The global Japanese technology firm has been undergoing a procurement transformation © Alexander Pohl/NurPhoto via Getty Images
The global Japanese technology firm has been undergoing a procurement transformation © Alexander Pohl/NurPhoto via Getty Images

Three lessons from Fujitsu’s global procurement overhaul

4 March 2021

Revisiting key cornerstones of business has been crucial on Fujitsu’s journey to establishing a global procurement function, a conference was told.  

Clive Rees, VP, international chief procurement officer at Fujitsu, told delegates at eWorld the firm had begun its journey towards a global procurement function towards the end of 2018 to tackle its “very fragmented” procurement system. 

“It was very regionally led. We duplicated things sometimes. We were conflicting against each other so it was a bit of a mess,” he said.

“What we've tried to move to is a situation where we have joined up the global supply chain with the regions. We're trying to adopt best practice where we can across the globe. We're standardising the policies, the systems and the tools we use.

“In terms of our messages to our key suppliers, we're looking to be consistent and have one voice in our approach,” he added.

The firm’s global procurement vision aimed to “keep things simple” and “understand what are cornerstones for success”.

These included learning and development of employees, strategy including category planning and analytics, communication with stakeholders, and responsible operating practices.

“All of those things come together and we're trying to make sure we're as clear as we can be. We haven't always got it right but we're trying to make sure that we revisit and look at how we're positioning ourselves with those cornerstones,” Rees said.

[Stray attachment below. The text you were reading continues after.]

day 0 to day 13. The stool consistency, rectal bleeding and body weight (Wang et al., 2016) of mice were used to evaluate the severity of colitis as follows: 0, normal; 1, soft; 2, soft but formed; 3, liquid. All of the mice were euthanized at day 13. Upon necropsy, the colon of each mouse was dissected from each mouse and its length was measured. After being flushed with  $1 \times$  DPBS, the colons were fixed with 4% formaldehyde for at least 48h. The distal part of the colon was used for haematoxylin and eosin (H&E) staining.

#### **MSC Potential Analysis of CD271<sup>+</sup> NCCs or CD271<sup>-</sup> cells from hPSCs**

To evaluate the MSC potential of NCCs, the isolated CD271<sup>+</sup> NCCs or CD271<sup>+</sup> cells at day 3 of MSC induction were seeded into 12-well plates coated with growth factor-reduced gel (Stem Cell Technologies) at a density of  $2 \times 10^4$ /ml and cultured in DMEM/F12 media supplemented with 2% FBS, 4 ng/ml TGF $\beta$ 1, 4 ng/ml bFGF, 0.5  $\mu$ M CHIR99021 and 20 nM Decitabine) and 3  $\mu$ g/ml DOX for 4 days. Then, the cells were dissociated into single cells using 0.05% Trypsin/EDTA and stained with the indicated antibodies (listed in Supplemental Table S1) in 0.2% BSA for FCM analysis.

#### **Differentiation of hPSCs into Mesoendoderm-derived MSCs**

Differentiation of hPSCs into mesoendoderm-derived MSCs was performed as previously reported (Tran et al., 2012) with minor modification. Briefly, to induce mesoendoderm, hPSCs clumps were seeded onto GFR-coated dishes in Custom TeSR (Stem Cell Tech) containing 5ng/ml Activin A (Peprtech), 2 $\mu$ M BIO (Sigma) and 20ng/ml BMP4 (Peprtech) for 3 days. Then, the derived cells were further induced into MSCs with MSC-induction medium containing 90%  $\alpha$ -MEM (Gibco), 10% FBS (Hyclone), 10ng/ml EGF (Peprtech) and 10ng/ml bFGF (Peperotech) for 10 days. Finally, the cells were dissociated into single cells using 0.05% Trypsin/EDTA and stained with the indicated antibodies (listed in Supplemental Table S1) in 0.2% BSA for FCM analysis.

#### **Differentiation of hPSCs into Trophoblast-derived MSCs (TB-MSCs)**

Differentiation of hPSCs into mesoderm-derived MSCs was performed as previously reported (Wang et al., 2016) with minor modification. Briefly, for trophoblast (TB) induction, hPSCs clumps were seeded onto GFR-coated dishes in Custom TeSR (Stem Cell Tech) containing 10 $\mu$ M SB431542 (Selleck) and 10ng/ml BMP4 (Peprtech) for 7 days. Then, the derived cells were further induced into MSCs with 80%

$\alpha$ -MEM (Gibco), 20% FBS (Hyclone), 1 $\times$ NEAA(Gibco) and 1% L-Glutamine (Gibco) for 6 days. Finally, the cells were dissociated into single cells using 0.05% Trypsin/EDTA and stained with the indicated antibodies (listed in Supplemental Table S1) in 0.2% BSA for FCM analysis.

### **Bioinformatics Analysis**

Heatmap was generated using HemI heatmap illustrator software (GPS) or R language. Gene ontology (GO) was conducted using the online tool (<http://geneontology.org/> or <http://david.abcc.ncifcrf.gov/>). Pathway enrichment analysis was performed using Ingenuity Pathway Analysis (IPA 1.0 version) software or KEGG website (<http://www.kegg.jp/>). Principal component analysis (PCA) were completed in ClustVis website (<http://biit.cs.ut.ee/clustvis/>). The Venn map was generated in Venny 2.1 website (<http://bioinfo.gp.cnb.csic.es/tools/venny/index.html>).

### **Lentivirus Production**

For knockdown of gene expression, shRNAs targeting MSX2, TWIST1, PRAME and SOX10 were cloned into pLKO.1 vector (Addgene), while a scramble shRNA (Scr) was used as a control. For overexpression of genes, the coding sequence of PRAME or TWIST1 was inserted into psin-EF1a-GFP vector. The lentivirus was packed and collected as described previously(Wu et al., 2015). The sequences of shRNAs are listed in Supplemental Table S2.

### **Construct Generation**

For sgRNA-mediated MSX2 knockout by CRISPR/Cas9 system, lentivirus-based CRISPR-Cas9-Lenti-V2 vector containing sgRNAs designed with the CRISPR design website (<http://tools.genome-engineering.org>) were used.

Rees shared some of the key learnings from the last two years of Fujitsu’s move to a global procurement function:

1. Embracing diversity

“One of the things we've learned is the need to embrace the diversity within the teams. We work across many different cultures, many different nationalities, many different start points and many different baselines,” Rees said. 

“One of the things that we underestimated was the complexity of bringing that all together. Even in things like the means of communication. Messages don't all get received in the same way in different parts of the globe, so be aware of the diversity, embrace the diversity. Work with it, don’t work against it.”

2. Don't make everything global

As part of its transformation, Fujitsu developed category plans to identify whether categories of spend should be managed at a global level, a regional level or a local level. 

Rees said: “Not everything global works. Not everything global is good. We need to make sure there's a critical evaluation of the key decisions to make sure we pick the right way to approach things and the right way to contract with suppliers. Global isn't always the best or the only way.”

He added: “Initially we looked at hardware and software, which from our perspective is easier to do on a global basis. We are looking at travel as some aspects are best done globally and some are best done regionally. 

“We're also looking at distribution channels to see what makes sense to do on a global basis or whether in fact that should be done on a regional basis.”

The key to success with category plans is to avoid making them “too much of an academic exercise”, he said.

“They need to be simple and readable, so that people will understand and engage with them.”  

3. Checking in and sharing best practice

Rees outlined the importance of learning and development in procurement as the Fujitsu team moved towards a global approach. 

He added it had been crucial to take regular sense checks on the journey to ensure the team could manage the extra capability or whether there was a learning requirement.

“I would suggest having a stream that regularly checks how people are doing as we try to broaden our scope and our responsibility,” he said.  

“One of the things that has helped us is to share best practice around your team. We're trying to develop this and trying to understand how we can be better at it. We need to celebrate and encourage the sharing of best practice. Don't underestimate the value that it brings,” Rees said.

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